Global Radar Screen
Political Realism, Much Needed In IR Analyses
International Relations commentators would do well to take a leaf from none other than specialists in Marketing who have forged a valuable conceptual tool to analyse current developments in international economics. This is commonly referred to as ‘VUCA’, which acronym stands for, Volatility, Uncertainty, Complexity and Ambiguity.
An impartial survey of ‘external sector’ developments ought to convince commentators and observers that the Marketers have got it plum right. Fast-breaking events in international politics and economics could indeed tend to be baffling. The magnitude of the welter of developments is such that traditional perspectives on international politics and economics would no longer suffice in the task of clearly understanding most of these contemporary developments. Hence, the appropriateness of Volatility, Uncertainty, Complexity and Ambiguity as characterizations of the present world ‘order’.
In former times, an IR commentator would have been described as being a ‘Realist’ if she/he attached primacy to Realpolitik in her/his analyses. Considering the dynamic flux characterizing current international politics, more meanings would need to be attached to the phrase ‘Political Realism’, besides the foregoing one with its stress on Realpolitik. Today an analyst would qualify to be a ‘Realist’ if she focuses also on the fast-breaking and complex nature of international events. Accordingly, a present day ‘Realist’ would be obliged to recognize ‘VUCA’ besides focusing strongly on Realpolitik or the primacy of power in the conduct of international politics.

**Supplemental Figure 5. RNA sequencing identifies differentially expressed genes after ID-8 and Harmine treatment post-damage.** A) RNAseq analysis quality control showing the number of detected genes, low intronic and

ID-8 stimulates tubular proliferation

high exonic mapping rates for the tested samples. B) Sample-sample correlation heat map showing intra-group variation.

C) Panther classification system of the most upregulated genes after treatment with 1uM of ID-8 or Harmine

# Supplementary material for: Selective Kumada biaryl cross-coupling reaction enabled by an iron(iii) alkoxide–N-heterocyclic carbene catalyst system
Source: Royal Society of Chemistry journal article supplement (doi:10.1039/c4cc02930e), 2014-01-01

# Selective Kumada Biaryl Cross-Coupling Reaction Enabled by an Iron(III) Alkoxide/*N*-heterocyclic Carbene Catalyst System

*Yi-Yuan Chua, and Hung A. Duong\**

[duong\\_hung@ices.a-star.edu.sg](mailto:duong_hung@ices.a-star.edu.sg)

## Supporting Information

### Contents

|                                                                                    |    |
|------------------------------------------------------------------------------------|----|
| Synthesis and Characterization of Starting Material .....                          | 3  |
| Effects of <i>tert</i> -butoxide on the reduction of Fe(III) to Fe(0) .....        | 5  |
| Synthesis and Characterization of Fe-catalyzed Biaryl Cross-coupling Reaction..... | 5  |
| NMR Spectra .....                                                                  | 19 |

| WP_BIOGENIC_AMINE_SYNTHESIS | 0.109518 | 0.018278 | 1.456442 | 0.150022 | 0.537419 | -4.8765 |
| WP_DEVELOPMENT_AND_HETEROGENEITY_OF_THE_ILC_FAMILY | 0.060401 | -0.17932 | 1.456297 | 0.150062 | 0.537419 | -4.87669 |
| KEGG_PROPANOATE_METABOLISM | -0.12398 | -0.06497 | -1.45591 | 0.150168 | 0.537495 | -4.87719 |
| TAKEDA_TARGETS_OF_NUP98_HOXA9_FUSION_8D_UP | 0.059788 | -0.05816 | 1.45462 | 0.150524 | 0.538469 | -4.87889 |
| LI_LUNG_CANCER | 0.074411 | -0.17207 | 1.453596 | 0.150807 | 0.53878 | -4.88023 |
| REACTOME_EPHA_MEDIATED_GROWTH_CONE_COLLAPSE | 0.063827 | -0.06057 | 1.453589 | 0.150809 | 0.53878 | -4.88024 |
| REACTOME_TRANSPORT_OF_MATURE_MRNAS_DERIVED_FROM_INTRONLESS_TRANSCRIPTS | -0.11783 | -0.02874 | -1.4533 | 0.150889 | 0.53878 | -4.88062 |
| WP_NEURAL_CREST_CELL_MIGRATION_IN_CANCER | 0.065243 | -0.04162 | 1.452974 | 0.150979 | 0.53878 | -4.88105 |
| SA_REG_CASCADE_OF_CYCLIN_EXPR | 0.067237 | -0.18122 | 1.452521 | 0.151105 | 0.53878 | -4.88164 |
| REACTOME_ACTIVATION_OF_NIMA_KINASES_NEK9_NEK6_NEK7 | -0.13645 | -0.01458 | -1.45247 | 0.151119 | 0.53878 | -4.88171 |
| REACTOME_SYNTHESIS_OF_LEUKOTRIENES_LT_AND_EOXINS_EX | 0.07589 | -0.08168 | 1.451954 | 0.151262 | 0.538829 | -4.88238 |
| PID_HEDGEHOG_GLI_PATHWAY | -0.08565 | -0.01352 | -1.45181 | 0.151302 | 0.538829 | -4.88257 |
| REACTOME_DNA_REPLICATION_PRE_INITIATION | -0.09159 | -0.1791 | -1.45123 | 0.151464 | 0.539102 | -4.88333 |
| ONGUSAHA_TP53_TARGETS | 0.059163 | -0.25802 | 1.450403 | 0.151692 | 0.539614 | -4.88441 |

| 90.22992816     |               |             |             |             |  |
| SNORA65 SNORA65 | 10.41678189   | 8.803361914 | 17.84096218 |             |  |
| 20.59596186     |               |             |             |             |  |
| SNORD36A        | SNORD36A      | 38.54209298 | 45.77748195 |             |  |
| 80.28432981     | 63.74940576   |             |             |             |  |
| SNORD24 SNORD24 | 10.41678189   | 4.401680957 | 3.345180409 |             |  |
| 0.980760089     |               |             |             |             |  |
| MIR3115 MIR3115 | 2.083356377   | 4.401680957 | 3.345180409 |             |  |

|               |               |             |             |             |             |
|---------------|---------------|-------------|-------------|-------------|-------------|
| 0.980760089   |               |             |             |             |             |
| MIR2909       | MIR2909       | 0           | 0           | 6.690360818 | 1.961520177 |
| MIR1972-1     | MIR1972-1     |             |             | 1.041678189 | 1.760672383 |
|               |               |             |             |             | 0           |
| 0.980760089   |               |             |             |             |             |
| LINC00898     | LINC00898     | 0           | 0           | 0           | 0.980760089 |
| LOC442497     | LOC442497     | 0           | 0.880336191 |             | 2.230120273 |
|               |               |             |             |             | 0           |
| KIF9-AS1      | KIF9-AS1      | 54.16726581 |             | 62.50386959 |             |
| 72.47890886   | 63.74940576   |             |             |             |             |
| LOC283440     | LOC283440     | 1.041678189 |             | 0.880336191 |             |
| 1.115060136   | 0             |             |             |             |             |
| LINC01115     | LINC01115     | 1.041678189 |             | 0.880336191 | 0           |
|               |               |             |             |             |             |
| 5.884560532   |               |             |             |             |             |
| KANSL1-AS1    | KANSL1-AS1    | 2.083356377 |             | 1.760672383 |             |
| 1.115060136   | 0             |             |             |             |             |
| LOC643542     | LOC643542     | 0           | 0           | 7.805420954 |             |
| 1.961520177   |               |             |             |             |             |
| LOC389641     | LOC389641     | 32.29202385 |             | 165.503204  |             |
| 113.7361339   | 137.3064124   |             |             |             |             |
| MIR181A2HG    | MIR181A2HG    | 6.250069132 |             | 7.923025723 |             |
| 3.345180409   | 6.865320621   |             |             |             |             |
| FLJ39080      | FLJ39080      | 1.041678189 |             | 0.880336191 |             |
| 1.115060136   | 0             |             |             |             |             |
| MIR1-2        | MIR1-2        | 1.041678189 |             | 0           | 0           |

One is led to these observations on reflecting on a recent statement made by Russian Foreign Minister Sergey Lavrov. Speaking to the international media he was quoted saying, among other things, ‘ The conflict potential increased last year, primarily because of the stubborn unwillingness of some Western countries led by the United States to accept the realities of the objectively developing multi-polar world, as well as because of their desire to continue to force their will on others by means of pressure and economic and propaganda instruments. There have been attempts to steam roll multilateral institutions and erode their international mission and to replace the universal norms of international law with a Rules-Based Order.’ (See page 2 of the ‘Sunday Island’ of January 20, 2019)
To be sure, there is a relative reluctance on the part of the US to recognize the multi-polar nature of the contemporary international political and economic ‘order’. Whereas, regional economic blocs are highly visible today along with a concomitant dwarfing and decline of international cooperative economic institutions and arrangements, the US is ‘stubbornly’ refusing to face this fundamental reality by treading what seems an ultra-nationalist ‘trajectory’ in its economic policy. It would not only prefer a policy of inwardness and comparative isolation, but would headily take on whom it sees as strong economic competitors, in an adversarial mode. A case in point is the US’ present trade war with China.